July 2017 – Would you like to be a professional photographer or are you just starting out as a pro? Going pro in the age of ubiquitous cell phone imagery is a risky endeavor, much more risky than in the days of film. In this issue we take a look at one photographerwho worked his way into his dream photojournalist position. We also take a look at an alpinist photographer working his first gig for National Geographic who realized that incorporating drones and 360 video could make his work stand out.
But first we’d like to point you toward a valuable, free HDR how-to pdf that will show you exactly how to set your camera to make bracketed exposures of your scene titled 5 Steps To Great HDR Photography. You can find the link on the Pinnacle homepage or go directly to the download page HERE
What do you do on your first assignment for National Geographic? Your only alternative is to dig deep inside and use every bit of talent and
experience you have. That’s just what alpinist and photographer Renan Ozturk did to cover this compelling story of a small community of Himaliyans who withstand a vibrating mass of thousands of giant honey bees to harvest the honey that sells on the black market for $60 to $80 per pound. All this is done while dangling 300 feet in the air from a bamboo rope ladder. Despite the pressure of a first gig Ozturk delivered with stills, video, drone video and 360 immersive video all while dangling off the side of a super-scary cliff. If you need a bar to hit for your dream first gig, here it is.
Many of us who love photography dream of making our living as a shooter. Now everyone with a smart phone is a photographer which exponentially raises the supply of photographs in the market, driving down prices and making it virtually impossible to make enough money to pay the bills. But, is that really the case? Is photography about supply and demand or is it about the supply and demand for great photography. Find out in this video highlighting how Andrew Harnik broke through to become a high level photojournalist. His advice applies to all genres of photography.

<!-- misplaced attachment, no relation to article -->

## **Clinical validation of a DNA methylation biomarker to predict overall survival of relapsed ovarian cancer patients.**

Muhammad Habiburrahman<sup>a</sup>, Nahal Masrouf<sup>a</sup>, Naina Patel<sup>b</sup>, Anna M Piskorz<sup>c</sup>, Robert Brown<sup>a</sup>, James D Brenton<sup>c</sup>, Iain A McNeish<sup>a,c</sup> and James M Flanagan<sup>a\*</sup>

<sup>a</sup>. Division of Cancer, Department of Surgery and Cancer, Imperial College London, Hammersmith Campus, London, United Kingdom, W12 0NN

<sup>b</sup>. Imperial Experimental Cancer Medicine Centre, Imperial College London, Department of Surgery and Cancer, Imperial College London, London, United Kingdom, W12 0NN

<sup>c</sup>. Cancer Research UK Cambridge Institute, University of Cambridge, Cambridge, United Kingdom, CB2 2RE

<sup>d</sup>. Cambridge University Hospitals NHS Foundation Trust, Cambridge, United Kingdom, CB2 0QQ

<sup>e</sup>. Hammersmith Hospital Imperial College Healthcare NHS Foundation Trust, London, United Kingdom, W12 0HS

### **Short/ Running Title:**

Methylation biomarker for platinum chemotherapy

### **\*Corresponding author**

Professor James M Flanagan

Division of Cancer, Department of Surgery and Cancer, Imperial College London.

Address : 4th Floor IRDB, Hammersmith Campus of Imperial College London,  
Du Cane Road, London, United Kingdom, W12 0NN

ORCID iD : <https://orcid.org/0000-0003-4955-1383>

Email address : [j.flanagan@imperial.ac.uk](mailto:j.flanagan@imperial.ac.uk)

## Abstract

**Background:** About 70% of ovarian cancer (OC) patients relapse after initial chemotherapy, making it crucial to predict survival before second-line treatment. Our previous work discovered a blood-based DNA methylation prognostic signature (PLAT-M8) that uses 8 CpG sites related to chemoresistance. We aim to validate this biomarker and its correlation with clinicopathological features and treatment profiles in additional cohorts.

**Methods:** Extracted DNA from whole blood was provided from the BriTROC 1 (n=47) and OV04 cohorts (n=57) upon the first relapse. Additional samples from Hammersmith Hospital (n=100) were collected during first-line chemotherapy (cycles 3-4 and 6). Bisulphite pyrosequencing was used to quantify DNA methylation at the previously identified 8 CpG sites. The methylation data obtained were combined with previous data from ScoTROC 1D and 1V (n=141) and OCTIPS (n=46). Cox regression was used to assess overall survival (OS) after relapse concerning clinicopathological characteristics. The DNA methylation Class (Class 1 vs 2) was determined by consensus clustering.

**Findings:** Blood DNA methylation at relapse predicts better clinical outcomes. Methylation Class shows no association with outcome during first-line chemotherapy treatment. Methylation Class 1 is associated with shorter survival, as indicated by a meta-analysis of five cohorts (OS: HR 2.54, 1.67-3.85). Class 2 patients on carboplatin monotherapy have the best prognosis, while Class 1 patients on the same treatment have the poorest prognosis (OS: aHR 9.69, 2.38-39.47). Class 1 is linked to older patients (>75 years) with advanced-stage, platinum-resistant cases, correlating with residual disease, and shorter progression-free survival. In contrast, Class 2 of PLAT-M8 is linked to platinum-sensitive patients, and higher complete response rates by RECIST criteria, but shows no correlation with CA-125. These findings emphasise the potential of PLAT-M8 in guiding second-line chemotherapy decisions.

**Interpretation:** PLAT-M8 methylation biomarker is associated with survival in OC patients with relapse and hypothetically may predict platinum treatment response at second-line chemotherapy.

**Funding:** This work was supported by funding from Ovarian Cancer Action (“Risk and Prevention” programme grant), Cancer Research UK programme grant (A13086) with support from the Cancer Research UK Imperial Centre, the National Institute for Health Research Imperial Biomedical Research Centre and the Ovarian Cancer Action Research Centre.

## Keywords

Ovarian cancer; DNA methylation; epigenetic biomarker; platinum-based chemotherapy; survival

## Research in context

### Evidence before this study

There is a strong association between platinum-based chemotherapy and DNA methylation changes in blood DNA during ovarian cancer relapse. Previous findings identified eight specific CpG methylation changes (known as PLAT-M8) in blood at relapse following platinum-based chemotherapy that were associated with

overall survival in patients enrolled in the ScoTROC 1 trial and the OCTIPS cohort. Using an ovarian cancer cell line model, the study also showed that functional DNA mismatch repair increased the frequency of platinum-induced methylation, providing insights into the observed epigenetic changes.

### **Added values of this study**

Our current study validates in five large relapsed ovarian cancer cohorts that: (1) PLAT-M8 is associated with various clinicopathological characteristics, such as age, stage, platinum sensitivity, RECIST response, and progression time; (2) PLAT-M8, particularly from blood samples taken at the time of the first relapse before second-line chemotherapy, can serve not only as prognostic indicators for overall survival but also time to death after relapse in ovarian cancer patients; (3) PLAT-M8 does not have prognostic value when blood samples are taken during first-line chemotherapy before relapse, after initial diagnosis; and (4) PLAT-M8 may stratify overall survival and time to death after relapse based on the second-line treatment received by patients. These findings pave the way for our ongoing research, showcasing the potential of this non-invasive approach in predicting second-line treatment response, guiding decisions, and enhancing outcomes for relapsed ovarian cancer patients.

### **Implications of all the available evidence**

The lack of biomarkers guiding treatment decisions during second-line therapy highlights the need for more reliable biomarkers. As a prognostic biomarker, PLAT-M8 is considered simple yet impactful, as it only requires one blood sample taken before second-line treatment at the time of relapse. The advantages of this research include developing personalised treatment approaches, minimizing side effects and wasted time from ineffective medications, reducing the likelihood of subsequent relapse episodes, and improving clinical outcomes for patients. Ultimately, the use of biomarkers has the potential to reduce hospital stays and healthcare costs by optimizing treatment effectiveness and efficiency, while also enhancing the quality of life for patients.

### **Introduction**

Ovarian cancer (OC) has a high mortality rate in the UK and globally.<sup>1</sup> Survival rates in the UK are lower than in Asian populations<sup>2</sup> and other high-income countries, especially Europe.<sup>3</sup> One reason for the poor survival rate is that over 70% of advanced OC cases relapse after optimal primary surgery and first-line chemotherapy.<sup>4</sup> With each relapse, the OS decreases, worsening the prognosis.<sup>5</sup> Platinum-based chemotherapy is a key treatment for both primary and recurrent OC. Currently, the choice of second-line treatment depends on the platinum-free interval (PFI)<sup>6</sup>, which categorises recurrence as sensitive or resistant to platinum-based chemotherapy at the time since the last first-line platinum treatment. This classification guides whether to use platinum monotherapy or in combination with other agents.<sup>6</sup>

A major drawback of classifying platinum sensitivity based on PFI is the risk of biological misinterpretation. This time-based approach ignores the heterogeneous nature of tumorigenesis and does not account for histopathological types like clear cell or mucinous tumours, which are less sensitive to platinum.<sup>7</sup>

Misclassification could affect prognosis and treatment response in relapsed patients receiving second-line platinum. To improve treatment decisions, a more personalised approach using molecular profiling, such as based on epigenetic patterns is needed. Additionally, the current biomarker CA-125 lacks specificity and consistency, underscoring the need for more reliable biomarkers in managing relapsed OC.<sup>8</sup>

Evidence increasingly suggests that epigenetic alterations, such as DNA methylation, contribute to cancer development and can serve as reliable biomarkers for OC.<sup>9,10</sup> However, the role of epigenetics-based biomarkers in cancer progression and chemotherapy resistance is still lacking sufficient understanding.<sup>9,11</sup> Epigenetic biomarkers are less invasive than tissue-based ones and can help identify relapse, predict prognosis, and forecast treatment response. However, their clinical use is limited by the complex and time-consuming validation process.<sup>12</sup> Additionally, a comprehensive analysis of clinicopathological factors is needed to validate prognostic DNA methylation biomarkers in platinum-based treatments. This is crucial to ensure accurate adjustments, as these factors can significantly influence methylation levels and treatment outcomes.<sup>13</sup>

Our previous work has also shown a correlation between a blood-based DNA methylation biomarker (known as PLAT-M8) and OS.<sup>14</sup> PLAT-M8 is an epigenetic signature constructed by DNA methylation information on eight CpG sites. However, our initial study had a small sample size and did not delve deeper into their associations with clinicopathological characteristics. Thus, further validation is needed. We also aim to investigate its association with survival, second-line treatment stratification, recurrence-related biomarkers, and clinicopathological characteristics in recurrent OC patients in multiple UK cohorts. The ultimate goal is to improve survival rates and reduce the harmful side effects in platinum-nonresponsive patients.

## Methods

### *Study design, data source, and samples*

See this interesting video HERE.
If you’re looking to add drama to your landscapes then using long exposures can give you the pop you’re looking for. Photographer Adam West is a master at using long, multi-minute exposures to inject a smooth look to clouds, water and celestial movement in his photos. This article takes you through shooting skys, lakes, seascapes and more. Up your knowledge by checking this out.
Light pollution? Indeed. “Los Angeles” is an expansive entity. It spreads from the Angeles Mountains in the north to Santa Monica in the west, Pasadena in the east and beyond. All those locations get really into July 4th and its festivities. “Creative director and photographer Dylan Schwartz posted up at the Mount Wilson Observatory on July 4 and waited for the sky to light up. From that vantage point, altitude: 5,715 feet, he could see the entire L.A. basin.” The resulting time-lapse video is impressive. Check it out.
If you’ve seen a hummingbird at work you won’t be seeing their wings because they flap at up to 100 times per second! They are the only birds that can hover in one place for 30 seconds or more. Photographer Anand Varma using a high-speed, high-resolution camera captures what the eye can’t see in this remarkable set of videos.
Enjoy the article and video HERE.
Grand vistas are the life blood of nature and landscape photography. But, we can’t always find the time or resources to make the trip to a national park or the sea shore. The next best option is to look around your own area for a forest environment. Forest photography is not easy but this article by Norwegian photographer Dag Ole Nordhaug is a sophisticated look at the techniques required.
Learn about forest technique HERE.